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For (a) (iii), how do you get the second product listed in the answers manual? I just can't visualize it.

What about (c) (i), why are there three resonance structures? If a hydrogen is taken away from a specific carbon of the initial molecule to have a radical, there is no way you can have three resonance structures.

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The barrier to rotation in the allyl radical is low (~15-16 kcal/m) and it can undergo cis-trans isomerization.

enter image description here

As to question (c)(i), you're right, there are only two resonance structures.

enter image description here

What you show above with three resonance structures is the trimethylenemethane diradical, isobutene with 2 allylic hydrogens removed.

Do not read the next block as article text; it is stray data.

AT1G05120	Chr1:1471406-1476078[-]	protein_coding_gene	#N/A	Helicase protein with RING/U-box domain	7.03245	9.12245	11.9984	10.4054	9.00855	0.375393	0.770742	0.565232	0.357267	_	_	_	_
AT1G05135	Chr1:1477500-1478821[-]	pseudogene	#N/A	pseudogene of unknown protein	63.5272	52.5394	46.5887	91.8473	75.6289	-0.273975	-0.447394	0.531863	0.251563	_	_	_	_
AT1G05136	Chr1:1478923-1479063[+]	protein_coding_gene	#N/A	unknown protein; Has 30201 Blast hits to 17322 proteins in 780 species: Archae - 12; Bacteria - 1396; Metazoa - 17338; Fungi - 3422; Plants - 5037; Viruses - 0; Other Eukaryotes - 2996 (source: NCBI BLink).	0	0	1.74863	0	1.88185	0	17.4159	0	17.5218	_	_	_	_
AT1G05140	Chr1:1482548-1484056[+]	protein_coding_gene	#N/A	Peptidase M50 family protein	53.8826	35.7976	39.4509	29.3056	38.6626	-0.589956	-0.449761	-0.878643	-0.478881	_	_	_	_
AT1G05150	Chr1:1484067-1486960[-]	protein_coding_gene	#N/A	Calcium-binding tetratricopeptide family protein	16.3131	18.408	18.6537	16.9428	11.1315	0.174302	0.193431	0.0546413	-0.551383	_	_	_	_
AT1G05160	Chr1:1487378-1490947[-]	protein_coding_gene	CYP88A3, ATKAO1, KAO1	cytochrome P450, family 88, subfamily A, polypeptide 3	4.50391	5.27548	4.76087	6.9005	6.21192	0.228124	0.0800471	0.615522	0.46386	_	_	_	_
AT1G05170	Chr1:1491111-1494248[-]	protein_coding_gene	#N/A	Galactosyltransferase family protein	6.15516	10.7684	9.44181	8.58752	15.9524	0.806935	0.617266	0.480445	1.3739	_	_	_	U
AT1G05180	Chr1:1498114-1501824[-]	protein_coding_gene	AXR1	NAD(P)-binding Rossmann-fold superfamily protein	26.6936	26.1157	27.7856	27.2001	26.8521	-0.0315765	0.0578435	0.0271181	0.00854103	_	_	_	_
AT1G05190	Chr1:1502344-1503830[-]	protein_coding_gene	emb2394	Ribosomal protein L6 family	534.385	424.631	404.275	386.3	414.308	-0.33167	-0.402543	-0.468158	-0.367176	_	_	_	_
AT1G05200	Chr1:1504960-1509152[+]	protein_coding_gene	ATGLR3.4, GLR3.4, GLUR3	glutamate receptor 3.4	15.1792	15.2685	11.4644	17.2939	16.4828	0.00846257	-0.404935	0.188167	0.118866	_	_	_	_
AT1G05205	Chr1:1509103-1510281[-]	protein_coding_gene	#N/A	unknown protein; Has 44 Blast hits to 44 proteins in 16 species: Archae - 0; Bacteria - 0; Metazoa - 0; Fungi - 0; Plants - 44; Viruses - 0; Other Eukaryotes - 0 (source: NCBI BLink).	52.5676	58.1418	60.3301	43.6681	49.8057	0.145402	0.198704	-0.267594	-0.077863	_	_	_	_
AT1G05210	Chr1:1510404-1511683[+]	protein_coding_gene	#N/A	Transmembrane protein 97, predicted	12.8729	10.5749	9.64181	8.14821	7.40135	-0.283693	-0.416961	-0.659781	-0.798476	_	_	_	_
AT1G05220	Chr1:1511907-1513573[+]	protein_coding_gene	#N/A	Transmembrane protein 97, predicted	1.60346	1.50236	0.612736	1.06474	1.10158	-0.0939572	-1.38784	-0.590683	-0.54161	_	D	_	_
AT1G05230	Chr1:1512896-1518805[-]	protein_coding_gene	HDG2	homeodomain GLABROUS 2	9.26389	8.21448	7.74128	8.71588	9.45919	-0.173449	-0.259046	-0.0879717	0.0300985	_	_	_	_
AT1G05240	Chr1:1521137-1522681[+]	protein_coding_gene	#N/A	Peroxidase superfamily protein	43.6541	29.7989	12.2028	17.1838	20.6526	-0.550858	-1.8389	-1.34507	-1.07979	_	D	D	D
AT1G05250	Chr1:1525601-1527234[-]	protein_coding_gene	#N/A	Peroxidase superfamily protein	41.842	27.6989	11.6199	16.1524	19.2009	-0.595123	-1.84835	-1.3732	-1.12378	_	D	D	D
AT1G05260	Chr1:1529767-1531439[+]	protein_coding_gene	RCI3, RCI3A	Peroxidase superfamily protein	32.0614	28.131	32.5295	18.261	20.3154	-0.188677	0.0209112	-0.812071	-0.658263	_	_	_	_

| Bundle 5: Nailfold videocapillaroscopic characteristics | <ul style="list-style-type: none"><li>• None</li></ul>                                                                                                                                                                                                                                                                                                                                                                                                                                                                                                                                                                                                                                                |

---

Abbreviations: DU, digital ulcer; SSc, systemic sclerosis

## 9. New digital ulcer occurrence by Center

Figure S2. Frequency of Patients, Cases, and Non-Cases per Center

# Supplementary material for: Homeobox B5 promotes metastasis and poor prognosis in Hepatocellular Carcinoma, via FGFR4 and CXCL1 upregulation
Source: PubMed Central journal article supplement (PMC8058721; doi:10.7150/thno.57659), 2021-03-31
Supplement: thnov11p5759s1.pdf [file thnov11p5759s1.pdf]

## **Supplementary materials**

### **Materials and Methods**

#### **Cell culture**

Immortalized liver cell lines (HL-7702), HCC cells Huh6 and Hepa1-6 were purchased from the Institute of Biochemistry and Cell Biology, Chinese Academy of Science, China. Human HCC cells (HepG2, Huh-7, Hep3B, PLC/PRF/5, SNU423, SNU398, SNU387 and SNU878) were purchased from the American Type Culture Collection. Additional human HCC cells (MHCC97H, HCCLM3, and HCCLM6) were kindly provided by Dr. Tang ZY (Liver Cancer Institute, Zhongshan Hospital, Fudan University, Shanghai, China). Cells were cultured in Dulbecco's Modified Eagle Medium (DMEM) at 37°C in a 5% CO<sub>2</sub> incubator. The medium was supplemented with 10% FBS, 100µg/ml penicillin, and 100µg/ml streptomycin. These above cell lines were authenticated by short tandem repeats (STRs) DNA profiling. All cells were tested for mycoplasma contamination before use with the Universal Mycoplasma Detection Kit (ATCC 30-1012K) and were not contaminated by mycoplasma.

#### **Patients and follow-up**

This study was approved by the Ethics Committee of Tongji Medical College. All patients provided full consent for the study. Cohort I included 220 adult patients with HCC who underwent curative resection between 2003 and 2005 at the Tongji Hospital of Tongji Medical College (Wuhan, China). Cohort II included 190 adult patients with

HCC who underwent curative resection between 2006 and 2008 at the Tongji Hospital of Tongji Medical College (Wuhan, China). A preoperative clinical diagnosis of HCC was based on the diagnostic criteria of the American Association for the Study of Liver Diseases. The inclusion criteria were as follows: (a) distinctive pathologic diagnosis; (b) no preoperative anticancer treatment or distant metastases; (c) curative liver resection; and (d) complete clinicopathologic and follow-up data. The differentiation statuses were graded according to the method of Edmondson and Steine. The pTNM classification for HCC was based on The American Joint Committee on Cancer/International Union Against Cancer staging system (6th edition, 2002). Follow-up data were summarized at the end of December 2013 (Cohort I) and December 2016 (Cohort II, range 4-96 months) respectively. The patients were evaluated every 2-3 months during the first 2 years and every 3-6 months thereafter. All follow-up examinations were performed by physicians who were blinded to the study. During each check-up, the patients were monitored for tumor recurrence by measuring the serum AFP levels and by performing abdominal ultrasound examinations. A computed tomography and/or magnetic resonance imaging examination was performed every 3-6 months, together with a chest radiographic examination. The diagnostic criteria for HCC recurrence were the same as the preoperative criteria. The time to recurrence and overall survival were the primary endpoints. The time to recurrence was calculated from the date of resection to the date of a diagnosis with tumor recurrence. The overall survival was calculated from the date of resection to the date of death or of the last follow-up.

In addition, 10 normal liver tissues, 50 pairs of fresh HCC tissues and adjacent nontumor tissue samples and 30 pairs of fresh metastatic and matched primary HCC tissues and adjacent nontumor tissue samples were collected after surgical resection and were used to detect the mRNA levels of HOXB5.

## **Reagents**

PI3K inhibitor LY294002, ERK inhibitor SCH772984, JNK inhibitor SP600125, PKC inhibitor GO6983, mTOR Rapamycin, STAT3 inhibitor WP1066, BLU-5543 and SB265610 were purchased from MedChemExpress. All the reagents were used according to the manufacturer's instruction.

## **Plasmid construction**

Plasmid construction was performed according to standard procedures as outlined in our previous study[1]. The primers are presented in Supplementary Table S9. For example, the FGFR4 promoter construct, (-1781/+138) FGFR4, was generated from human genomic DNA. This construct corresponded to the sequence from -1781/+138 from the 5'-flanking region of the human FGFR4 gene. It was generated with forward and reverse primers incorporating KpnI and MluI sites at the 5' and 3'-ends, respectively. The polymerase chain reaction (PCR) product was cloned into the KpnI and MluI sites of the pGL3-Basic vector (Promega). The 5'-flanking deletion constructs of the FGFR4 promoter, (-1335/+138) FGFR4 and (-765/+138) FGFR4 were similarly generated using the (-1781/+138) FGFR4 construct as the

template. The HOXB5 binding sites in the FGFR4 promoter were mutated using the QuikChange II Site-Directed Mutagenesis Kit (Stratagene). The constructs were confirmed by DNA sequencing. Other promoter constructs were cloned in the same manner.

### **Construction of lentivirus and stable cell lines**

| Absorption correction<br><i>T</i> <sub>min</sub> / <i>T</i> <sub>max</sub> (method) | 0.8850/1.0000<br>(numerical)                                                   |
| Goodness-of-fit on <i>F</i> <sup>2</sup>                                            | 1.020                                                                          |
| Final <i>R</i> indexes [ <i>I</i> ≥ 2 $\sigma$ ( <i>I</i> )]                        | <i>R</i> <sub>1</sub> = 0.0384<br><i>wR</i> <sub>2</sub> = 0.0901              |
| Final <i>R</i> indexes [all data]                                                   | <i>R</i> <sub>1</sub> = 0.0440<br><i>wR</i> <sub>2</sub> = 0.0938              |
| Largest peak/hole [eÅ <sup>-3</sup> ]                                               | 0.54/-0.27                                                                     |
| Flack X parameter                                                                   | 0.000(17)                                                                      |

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  • $\begingroup$ ron, what are the dotted lines? Why is there a positive charge? $\endgroup$ – yolo123 Sep 27 '14 at 18:43
  • $\begingroup$ the delocalized allyl radical, a shorthand way of drawing the 2 resonance structures; no positive charge, it is a radical, so just 1 unpaired electron. $\endgroup$ – ron Sep 27 '14 at 18:44
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    $\begingroup$ The symbol that might look like a plus sign is just how my drawing software draws a radical. $\endgroup$ – ron Sep 27 '14 at 18:47
  • $\begingroup$ Oh, ok. I didn't know this barrier to rotation was so easy. It seems that Solomons' textbook does not discuss this. :O Thanks for the info. $\endgroup$ – yolo123 Sep 27 '14 at 19:21
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    $\begingroup$ @yolo123 I'll edit my answer to cover this. $\endgroup$ – ron Sep 27 '14 at 20:31

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